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The Eastern Mediterranean and the Biladi Sham, also known as the Greater Syria, regions were linked to other regions through trade routes, according to an American historian who specialises in the history of mediaeval Muslim states and their fiscal policies.
“We tend to look at Egypt and Syria as a kind of a unit because it was one political block during Fatimid, Ayyubid and Mamluk empires,” said Professor Warren Schultz, adding that one of the misconceptions was that the trade was eliminated by the Muslim conquests of the Mediterranean.
“Instead, the patterns of the Mediterranean trade had just shifted and newly found documents from the Noble Sanctuary that came from 14th century point to social history and contain numerous wills, attestations, court cases and testaments,” Schultz said, noting that these documents shed light on economic processes in the Levant.
He also noted that during the Ayyubid and Mamluk periods the weight and texture of coins varied.
In 1430s and 1440s the coins in Mamluk state lost its value due to the size and the quality of silver used for minting, the historian said.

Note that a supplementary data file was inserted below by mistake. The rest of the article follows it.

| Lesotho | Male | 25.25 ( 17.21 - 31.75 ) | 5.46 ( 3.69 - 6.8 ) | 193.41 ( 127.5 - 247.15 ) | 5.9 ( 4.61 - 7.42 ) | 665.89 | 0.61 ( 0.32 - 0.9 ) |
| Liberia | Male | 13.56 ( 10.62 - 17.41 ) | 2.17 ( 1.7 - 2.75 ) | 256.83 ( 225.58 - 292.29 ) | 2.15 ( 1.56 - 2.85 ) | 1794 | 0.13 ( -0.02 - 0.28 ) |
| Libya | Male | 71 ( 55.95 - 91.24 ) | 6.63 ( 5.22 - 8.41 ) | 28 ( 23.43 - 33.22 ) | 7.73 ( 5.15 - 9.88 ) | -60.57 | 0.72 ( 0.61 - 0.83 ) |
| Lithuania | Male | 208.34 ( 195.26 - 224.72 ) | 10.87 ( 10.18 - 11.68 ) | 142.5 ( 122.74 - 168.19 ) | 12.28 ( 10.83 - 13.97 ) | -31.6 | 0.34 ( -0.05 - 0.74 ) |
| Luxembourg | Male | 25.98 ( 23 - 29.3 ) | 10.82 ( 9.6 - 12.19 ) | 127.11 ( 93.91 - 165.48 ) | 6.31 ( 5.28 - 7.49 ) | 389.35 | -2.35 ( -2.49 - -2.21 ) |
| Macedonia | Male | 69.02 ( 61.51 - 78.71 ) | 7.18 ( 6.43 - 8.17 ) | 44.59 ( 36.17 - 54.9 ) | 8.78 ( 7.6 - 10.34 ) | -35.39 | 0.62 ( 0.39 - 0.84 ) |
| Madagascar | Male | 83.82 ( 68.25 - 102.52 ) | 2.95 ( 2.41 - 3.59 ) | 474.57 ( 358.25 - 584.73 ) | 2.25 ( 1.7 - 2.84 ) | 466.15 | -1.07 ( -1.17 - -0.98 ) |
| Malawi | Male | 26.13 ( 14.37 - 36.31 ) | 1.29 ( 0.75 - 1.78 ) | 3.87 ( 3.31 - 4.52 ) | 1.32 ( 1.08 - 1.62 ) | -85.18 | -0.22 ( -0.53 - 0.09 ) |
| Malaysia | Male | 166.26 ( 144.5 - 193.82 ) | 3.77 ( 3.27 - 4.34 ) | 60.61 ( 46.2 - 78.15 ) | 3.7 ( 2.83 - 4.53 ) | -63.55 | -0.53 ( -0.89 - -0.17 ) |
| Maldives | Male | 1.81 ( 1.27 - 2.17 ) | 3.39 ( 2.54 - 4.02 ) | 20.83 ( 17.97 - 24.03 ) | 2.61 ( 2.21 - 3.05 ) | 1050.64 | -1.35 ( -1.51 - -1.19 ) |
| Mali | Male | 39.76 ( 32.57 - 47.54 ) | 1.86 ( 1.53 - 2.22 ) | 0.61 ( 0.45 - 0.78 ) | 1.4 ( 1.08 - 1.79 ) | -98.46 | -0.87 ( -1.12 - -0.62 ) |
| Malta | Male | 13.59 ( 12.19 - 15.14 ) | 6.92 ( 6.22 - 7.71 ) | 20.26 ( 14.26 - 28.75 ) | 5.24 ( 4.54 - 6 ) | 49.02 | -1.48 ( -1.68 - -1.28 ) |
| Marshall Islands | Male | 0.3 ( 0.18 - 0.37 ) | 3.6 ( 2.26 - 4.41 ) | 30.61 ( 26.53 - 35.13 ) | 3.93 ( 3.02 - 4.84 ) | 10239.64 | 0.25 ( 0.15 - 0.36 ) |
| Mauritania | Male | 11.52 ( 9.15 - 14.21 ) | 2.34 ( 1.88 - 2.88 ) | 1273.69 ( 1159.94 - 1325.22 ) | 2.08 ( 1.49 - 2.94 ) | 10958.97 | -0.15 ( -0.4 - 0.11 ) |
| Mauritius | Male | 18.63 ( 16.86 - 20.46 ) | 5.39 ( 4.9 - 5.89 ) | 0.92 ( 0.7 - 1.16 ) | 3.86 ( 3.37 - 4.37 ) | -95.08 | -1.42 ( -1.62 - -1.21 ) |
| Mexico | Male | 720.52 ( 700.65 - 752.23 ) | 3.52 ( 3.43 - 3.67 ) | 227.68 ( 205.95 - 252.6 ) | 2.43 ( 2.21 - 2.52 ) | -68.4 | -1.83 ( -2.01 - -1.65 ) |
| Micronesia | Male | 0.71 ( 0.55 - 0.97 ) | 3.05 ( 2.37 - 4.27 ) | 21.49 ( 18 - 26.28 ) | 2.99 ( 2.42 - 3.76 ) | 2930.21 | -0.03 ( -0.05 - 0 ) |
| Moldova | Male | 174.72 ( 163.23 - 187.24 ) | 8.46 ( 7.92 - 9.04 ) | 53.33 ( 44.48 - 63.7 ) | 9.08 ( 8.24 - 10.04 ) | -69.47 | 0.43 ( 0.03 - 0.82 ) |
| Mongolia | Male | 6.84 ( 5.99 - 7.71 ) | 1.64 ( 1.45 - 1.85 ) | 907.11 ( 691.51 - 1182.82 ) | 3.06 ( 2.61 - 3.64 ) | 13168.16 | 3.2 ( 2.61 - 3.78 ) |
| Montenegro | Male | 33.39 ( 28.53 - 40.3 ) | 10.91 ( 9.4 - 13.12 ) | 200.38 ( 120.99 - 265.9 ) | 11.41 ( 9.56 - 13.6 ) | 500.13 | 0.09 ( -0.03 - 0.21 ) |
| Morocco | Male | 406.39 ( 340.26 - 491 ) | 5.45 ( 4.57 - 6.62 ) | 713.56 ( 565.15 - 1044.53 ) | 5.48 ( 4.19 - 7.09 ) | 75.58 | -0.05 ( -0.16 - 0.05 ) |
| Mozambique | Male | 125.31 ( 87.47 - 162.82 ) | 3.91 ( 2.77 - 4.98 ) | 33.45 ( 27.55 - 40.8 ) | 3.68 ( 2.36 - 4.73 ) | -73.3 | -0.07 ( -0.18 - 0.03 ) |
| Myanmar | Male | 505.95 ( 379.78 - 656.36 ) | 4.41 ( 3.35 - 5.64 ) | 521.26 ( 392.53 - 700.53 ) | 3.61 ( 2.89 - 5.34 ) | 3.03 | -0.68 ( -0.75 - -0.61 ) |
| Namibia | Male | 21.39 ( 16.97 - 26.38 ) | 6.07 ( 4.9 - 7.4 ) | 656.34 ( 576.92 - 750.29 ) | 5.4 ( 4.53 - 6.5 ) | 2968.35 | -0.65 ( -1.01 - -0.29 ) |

He pointed to a mint manual (Al Baraa) from the Ayyubid period which gives a lot’s of information how coins were minted, and it has been important for researchers who deal with coins from multiple areas of the Islamic world and in circulations in main trade centres like Cairo, Alexandria, Damascus, Hama, Aleppo and Jerusalem.
“Archaeological digs in Jordan reveal evidence of everyday life and hints to how the economy functioned in the Middle Islamic Period [1000-1500],” Schultz said, adding that 40-50 years ago scholars did not have an insight into that evidence.
During the Mamluk period the centralised, bureaucratic system existed and its aim was to register and track the land property of individuals and institutions, he said, noting that the state would allow individuals involved in the military service to use products of the state agricultural land as a form or payment.
“Tax rates and type of crops grown on the agricultural land was also evidenced in the state documentation of the period,” Schultz noted.
Regarding Transjordan, there was centralised state investment in the sugar industry during the Mamluk dynasty in the Dead Sea Valley, Schultz said, noting that Tell Hisban in the Madaba Plains was another administrative outpost as well as the Karak Castle in the south.
“When the sugar industry was active, it impacted the people of the area providing the income for them,” Schultz said, noting that based on castles which were administrative centres of Mamluk dynasty in that period, Jordan was an important area of the state.
Scholars found a lot of Ayyubid coins on the territory of modern Jordan which indicated a monetised economy, Schultz added.